When most people focused most of their time and energy on trying to save their souls from eternal hell fire by understanding God and the bible, for example, we did not know enough about the nature of the human mind to realize that those we burned as witches were actually suffering from real mental problems. And now that we focus such a great deal of our time and energy on understanding our own mental problems, our similar dearth of knowledge about gender has led many of us to fail to realize that those we so readily proclaim to be “delusional” about their gender, as people like Fr. Mike Schmitz and conservative antagonist Ben Shapiro proudly declare with all the infallibility of the Pope, are often just people who are different both genetically and neurologically.   

Put another way, in the past, since the only tool we had was the hammer of religion, everything appeared to us to be a spiritual nail. Today, however, since the only tool most people are familiar with in diagnosing human differences comes from the pseudo psychology we learn from movies, TV shows and pharmaceutical companies selling us cures for every “mental problem” their marketing departments can dream up, we instinctively jump to the conclusion that everything must be a delusion or a mental disease; and all of which must be hammered out with a cocktail of medications and therapy.

Indeed, it has become as fashionable to accuse people we disagree with of suffering from mental disorders as it is to diagnose every addiction a person can have as being a “disease.”  Alcoholism and America’s illegal drug and opiod addiction, for example, are never seen as proof that we are living in a profoundly sick society, one that we are taught to champion for its blessings and virtues as much as condemn for how it is designed to create an ever growing addiction to debt driven consumption and vice, but of proof that our mind is as susceptible to the perils of consumerism as we are to the common cold.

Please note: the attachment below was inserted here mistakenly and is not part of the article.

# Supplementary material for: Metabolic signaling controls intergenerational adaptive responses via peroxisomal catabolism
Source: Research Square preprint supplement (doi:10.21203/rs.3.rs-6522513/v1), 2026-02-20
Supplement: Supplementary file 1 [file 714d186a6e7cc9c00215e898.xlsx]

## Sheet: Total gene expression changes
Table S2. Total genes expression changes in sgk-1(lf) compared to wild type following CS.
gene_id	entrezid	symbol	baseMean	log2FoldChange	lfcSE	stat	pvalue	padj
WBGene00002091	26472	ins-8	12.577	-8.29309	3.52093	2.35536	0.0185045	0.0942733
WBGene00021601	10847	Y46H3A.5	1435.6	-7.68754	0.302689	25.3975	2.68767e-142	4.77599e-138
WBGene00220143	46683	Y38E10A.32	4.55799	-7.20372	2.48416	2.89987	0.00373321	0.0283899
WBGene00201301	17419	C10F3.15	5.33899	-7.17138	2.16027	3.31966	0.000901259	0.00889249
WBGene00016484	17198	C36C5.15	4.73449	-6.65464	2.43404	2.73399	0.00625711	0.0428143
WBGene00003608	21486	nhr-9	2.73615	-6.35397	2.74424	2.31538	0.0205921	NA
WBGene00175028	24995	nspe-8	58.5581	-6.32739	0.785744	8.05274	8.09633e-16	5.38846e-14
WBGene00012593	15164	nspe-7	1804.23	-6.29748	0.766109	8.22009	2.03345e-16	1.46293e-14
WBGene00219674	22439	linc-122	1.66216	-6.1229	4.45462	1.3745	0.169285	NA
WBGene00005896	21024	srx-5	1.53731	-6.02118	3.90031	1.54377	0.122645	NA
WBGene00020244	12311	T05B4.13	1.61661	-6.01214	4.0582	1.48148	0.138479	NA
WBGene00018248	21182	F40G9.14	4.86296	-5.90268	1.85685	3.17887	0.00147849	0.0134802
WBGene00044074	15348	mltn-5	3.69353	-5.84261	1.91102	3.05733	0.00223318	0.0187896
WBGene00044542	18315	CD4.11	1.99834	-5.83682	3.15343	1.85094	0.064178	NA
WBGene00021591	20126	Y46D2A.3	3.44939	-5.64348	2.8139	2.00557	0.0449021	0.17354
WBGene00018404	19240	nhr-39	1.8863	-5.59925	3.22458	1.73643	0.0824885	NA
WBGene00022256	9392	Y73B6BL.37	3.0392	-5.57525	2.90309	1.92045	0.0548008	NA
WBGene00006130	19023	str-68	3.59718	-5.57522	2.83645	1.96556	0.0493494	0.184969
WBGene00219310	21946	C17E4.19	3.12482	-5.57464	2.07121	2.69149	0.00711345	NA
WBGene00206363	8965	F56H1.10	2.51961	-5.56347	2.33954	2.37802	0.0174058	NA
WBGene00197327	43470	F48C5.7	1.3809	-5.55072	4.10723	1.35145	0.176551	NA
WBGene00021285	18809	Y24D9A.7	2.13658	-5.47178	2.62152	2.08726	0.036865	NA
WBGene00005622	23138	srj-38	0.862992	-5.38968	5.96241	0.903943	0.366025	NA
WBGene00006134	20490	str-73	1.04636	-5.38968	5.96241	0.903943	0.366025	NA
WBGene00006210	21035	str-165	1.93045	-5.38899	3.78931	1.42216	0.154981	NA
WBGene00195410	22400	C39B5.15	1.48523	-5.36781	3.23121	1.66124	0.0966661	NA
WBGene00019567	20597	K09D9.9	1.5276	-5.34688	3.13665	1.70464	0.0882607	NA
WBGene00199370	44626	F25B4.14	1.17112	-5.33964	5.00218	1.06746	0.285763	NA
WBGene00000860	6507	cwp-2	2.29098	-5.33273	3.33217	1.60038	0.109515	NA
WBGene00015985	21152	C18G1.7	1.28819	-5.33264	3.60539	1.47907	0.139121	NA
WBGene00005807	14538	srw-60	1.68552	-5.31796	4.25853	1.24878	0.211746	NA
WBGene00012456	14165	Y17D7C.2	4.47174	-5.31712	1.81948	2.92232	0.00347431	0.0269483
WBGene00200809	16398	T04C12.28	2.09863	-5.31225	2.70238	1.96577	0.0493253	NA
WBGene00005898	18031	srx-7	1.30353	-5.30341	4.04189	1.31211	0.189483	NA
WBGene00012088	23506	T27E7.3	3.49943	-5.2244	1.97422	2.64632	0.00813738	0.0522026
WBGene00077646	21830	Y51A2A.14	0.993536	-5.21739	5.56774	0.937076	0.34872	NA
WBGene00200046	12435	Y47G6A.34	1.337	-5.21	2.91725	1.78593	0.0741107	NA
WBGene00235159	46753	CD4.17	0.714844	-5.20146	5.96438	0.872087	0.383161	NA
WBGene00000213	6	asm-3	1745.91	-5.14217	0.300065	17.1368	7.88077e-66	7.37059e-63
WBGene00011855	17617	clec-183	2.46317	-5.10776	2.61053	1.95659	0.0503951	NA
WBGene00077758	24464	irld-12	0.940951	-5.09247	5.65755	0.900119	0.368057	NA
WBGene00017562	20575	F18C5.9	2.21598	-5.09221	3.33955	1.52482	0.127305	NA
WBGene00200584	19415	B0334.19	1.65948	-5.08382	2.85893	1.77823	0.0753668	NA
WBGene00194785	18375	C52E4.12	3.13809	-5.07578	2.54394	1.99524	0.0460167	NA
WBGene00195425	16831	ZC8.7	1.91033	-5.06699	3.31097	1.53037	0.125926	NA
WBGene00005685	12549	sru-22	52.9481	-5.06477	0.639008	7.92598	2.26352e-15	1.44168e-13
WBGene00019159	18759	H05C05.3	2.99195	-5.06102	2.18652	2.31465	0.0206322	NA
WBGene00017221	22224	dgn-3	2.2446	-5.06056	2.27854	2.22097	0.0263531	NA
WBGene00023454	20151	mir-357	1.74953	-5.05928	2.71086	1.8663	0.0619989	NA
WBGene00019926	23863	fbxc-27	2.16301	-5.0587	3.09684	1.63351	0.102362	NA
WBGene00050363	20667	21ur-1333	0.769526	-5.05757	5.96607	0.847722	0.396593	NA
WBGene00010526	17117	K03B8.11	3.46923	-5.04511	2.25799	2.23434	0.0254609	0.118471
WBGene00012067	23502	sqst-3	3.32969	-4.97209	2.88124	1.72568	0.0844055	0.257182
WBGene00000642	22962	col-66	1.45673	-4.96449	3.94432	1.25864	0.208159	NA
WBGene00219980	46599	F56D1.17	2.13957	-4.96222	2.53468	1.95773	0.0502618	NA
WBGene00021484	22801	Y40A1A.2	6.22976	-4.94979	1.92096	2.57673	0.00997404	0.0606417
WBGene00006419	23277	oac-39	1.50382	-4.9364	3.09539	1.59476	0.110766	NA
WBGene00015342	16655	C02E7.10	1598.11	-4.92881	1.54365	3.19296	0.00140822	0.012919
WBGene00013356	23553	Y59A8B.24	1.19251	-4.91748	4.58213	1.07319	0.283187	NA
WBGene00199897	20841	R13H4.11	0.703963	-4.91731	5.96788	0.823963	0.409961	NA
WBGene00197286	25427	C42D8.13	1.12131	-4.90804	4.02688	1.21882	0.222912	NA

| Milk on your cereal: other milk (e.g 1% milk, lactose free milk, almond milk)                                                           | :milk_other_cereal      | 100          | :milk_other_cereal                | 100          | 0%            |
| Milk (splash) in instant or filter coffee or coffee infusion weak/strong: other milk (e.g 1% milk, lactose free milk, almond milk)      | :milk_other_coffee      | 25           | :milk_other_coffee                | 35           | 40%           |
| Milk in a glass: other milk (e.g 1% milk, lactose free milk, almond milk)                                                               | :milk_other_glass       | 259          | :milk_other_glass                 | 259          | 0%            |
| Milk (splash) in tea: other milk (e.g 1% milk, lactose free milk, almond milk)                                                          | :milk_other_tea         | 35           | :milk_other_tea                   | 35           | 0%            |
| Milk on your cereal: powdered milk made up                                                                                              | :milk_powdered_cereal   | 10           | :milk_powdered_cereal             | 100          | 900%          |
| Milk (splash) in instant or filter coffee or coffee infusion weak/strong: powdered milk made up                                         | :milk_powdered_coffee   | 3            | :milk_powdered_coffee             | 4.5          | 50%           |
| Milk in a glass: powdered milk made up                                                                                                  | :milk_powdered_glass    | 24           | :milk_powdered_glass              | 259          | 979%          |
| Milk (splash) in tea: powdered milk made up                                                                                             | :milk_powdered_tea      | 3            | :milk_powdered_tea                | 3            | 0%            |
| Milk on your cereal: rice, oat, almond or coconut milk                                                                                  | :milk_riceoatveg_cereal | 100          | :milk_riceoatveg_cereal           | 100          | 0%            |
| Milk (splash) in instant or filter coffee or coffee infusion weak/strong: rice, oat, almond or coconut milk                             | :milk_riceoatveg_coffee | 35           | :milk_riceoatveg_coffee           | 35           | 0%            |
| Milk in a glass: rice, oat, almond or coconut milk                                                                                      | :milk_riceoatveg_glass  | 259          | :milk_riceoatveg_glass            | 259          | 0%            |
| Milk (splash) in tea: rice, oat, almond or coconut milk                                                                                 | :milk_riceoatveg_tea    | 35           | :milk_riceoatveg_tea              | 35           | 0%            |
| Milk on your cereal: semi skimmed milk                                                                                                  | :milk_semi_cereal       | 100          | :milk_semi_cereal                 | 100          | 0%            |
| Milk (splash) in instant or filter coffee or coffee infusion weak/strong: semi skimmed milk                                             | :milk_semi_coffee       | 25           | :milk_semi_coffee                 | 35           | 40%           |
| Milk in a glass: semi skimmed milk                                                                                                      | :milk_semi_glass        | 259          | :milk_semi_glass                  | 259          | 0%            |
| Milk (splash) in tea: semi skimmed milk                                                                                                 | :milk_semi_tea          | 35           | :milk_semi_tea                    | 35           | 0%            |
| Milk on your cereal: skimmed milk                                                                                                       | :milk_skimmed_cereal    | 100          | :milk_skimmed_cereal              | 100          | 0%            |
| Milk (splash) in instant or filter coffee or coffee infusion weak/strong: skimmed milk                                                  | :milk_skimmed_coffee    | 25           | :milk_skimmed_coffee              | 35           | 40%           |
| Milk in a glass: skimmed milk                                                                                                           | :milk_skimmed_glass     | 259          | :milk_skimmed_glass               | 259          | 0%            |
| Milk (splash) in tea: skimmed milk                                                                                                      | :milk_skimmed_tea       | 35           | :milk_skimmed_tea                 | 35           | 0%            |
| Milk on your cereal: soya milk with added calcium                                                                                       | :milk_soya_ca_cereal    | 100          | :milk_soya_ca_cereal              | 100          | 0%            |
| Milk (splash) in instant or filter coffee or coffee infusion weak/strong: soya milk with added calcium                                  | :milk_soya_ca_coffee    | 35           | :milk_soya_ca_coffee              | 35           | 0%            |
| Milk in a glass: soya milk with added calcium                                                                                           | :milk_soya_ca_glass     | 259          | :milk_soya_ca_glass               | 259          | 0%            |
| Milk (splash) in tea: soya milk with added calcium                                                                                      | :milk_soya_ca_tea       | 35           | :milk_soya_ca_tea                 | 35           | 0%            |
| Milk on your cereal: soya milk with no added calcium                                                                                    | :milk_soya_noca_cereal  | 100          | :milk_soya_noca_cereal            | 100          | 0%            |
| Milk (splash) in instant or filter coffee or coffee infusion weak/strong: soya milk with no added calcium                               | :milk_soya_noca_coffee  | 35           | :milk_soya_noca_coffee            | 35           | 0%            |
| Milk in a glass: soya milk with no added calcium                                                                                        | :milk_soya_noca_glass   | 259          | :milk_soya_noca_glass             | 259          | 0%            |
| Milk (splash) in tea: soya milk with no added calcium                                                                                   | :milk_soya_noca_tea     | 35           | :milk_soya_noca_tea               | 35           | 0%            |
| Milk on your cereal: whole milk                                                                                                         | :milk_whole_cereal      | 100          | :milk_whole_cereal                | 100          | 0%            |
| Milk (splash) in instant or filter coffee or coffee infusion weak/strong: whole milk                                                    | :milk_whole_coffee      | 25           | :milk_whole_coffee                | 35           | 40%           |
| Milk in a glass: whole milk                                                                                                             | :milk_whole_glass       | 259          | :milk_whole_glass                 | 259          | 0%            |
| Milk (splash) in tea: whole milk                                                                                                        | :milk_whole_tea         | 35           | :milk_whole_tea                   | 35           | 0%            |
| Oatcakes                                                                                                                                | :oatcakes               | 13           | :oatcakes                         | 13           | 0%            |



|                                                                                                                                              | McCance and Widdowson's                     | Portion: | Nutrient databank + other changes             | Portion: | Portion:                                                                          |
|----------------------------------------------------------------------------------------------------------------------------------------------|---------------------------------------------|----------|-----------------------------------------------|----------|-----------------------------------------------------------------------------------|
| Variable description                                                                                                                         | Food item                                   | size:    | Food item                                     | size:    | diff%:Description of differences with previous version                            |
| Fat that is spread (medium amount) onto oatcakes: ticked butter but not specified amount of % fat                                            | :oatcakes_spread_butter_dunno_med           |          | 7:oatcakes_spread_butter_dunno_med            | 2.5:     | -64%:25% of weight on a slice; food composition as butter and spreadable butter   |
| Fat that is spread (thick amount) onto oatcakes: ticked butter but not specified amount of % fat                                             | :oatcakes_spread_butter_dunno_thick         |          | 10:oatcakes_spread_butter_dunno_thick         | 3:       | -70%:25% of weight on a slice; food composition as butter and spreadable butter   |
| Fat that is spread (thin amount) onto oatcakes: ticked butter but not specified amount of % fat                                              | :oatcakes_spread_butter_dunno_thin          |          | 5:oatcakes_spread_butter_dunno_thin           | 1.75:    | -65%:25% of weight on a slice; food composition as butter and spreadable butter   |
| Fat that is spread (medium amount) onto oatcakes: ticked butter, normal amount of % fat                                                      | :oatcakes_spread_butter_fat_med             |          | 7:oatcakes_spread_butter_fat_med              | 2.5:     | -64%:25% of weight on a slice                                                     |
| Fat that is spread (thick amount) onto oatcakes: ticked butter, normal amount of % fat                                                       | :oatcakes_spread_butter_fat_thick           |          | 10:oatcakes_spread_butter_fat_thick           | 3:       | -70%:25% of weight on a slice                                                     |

Indeed, we see this tendency to characterize everything as a “mental problem” when a person commits suicide, and rather than consider the effects that stress can have on us emotionally and psychologically, we deduce the person must have been suffering from a chemical imbalance instead.  Even in politics, we see how arch-Conservatives claim “Liberalism is a mental disorder” perhaps as often as Liberals accuse Conservatives of suffering from some form of “brain damage,” and the atheist is accused of being as delusional about his science almost as often as the Christian is convinced of their infallible understanding of the divine – especially when it comes to things like gender and genetics, even though their bible has hardly a word to say about either one. 

The real irony to all of this, however, is that today the same religion that once suffered from the delusion that people who failed to conform to its “beliefs” about God because of their mental problem were witches, now believes that those who fail to conform to its antiquated beliefs about gender because of their genetics must be suffering from mental problems.    

From beliefs about witches and an earth centered universe, to understanding the “truths” of the human mind and the operations of a heliocentric solar system, humanity has always struggled with the difference between how nature works and how people think, between different"truths" and our deluded "beliefs," between accepting that we are only human, and as diverse and varied as the cells of the human body, and believing we are as infallible and omniscient as the mind of God.